SP: We have a systematic approach for L&D been guided by the centre in Colombo. Also, each property has a qualified Training and Development Manager. We have custom made programmes on offer for different layers. For an example, for the Associate level, there is a programme called STEP available, assisting them to come up to the supervisor level on a fast track.
We use the ‘Hoshin Kanri’ evaluation system to identify capabilities of different staff at different levels. Based on the recommendation made by HODs, the Management annually selects a bunch of associates to take it to the next level by steering them through a skill development programme called TAP and therein whoever who is successful will get more chances to be promoted as Executives and beyond.
Executives have another programme called MAP, which is the Management Acceleration Programme, where they can get on to the HOD or Assistant Manager level. From AM level onwards, they will be guided through a series of leadership programmes to enhance various skills and competency development, and people who fair well will be sorted into different management positions. We believe “only thing worse than training your employees and having them leave, is NOT training them and having them stay…”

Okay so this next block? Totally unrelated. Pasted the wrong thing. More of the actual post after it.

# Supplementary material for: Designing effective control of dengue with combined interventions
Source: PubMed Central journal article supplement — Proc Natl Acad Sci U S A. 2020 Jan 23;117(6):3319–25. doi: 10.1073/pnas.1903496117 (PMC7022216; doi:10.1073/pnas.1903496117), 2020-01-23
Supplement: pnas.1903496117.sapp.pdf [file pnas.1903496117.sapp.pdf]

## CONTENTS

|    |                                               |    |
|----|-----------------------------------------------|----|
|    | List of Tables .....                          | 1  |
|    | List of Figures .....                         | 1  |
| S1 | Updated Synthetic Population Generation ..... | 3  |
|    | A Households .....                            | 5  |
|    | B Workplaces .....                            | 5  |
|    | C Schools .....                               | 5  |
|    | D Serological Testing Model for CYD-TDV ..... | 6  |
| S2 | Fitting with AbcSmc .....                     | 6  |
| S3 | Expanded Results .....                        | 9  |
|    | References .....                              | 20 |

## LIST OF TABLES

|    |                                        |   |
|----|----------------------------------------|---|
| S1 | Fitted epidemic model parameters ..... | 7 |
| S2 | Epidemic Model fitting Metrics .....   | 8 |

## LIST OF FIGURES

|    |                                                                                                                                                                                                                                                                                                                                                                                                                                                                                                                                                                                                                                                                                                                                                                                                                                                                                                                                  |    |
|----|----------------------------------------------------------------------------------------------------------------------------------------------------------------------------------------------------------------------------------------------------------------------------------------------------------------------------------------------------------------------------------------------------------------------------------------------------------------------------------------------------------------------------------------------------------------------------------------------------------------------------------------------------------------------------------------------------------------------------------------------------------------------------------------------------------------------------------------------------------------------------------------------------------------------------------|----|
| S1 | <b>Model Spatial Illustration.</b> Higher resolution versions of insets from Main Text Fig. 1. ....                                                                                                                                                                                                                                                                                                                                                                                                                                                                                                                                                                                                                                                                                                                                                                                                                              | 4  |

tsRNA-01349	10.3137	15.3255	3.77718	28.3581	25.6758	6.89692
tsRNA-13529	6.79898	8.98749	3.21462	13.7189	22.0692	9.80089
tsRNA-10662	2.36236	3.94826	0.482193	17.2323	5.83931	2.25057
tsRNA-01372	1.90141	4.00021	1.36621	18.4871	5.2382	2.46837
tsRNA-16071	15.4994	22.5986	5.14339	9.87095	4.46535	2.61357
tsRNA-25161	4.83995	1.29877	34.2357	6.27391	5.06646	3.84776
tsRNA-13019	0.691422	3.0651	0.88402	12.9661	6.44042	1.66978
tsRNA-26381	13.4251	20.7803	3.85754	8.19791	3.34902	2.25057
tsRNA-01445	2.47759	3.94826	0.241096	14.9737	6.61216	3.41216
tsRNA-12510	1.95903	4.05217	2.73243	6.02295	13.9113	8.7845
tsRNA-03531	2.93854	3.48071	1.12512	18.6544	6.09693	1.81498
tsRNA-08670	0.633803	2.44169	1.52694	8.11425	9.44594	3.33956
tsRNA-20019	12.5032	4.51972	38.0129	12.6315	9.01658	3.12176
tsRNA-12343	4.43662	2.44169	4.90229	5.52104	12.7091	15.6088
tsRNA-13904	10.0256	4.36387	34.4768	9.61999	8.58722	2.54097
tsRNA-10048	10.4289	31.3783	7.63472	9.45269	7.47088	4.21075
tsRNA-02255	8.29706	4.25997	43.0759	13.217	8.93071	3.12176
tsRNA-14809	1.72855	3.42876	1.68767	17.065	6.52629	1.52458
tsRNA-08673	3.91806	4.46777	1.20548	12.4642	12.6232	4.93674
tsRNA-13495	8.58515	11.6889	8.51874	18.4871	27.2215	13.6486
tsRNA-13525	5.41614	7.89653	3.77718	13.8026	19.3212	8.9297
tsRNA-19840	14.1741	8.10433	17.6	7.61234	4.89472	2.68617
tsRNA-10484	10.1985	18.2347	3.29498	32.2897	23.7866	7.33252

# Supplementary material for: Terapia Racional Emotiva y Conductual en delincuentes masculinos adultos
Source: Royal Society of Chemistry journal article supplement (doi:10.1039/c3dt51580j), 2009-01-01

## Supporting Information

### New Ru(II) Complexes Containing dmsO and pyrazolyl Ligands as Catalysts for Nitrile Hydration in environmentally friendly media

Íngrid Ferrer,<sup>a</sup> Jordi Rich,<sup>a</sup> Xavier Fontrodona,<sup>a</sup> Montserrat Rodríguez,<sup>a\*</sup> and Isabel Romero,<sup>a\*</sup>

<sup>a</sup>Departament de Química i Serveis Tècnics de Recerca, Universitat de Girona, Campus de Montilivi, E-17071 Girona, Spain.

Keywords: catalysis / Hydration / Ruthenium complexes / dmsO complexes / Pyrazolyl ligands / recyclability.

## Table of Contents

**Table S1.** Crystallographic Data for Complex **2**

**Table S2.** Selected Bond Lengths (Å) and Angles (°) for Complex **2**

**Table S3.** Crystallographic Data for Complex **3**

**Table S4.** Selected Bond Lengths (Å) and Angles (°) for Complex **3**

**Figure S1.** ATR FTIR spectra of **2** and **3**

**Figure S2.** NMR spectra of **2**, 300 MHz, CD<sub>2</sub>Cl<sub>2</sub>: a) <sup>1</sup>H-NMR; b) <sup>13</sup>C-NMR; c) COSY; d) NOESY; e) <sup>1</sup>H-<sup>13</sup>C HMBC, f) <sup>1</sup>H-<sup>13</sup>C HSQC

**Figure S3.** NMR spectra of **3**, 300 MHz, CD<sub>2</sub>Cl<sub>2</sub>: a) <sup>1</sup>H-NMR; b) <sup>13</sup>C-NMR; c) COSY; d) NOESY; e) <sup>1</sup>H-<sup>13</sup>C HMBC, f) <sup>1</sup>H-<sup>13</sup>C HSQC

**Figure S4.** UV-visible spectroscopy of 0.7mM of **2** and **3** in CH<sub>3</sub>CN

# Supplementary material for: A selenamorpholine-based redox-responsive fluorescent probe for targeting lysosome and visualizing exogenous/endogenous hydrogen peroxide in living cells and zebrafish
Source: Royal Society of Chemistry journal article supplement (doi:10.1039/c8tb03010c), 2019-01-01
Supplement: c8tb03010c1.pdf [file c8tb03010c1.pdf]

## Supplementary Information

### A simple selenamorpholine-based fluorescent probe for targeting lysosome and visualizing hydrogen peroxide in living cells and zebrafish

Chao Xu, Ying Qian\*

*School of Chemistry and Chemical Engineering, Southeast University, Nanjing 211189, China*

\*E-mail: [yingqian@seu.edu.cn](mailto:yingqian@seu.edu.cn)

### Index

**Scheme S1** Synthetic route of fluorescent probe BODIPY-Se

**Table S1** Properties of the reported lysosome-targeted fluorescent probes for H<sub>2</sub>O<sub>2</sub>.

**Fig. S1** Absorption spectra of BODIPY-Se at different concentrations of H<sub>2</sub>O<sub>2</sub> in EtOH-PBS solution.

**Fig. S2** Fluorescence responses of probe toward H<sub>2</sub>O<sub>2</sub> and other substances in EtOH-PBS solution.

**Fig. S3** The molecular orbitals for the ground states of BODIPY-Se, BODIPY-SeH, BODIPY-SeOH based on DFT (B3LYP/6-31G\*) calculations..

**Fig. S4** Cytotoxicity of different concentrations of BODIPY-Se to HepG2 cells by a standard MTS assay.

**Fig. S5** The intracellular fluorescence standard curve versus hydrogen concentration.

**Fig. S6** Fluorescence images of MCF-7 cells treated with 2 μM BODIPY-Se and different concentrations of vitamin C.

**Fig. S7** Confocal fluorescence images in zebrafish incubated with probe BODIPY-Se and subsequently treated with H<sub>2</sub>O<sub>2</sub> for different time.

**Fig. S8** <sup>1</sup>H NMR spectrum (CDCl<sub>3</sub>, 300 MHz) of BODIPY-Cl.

HM: You’ve had the experience of working at a number of properties before your time here in the Maldives. How is it different to work in a city-based hotel compared to an island-based resort?
SP: I’m yet to experience it because Cinnamon Dhonveli is also closer to the capital city Malé. However, in both scenarios, the expectation of a client is different – You almost always get the business type of clientele, who mostly stay for about one or two days, and what matters to them most is the fast and efficient service with global connectivity.
They require plenty of uninterrupted space to hold their business meetings and conferences, as well as ample personal space to chill out. Whereas in the resorts, people stay for a longer duration, so they will have more common spaces compared to city properties. In the city it’s always a battle against time and we must be quick to make the most of it.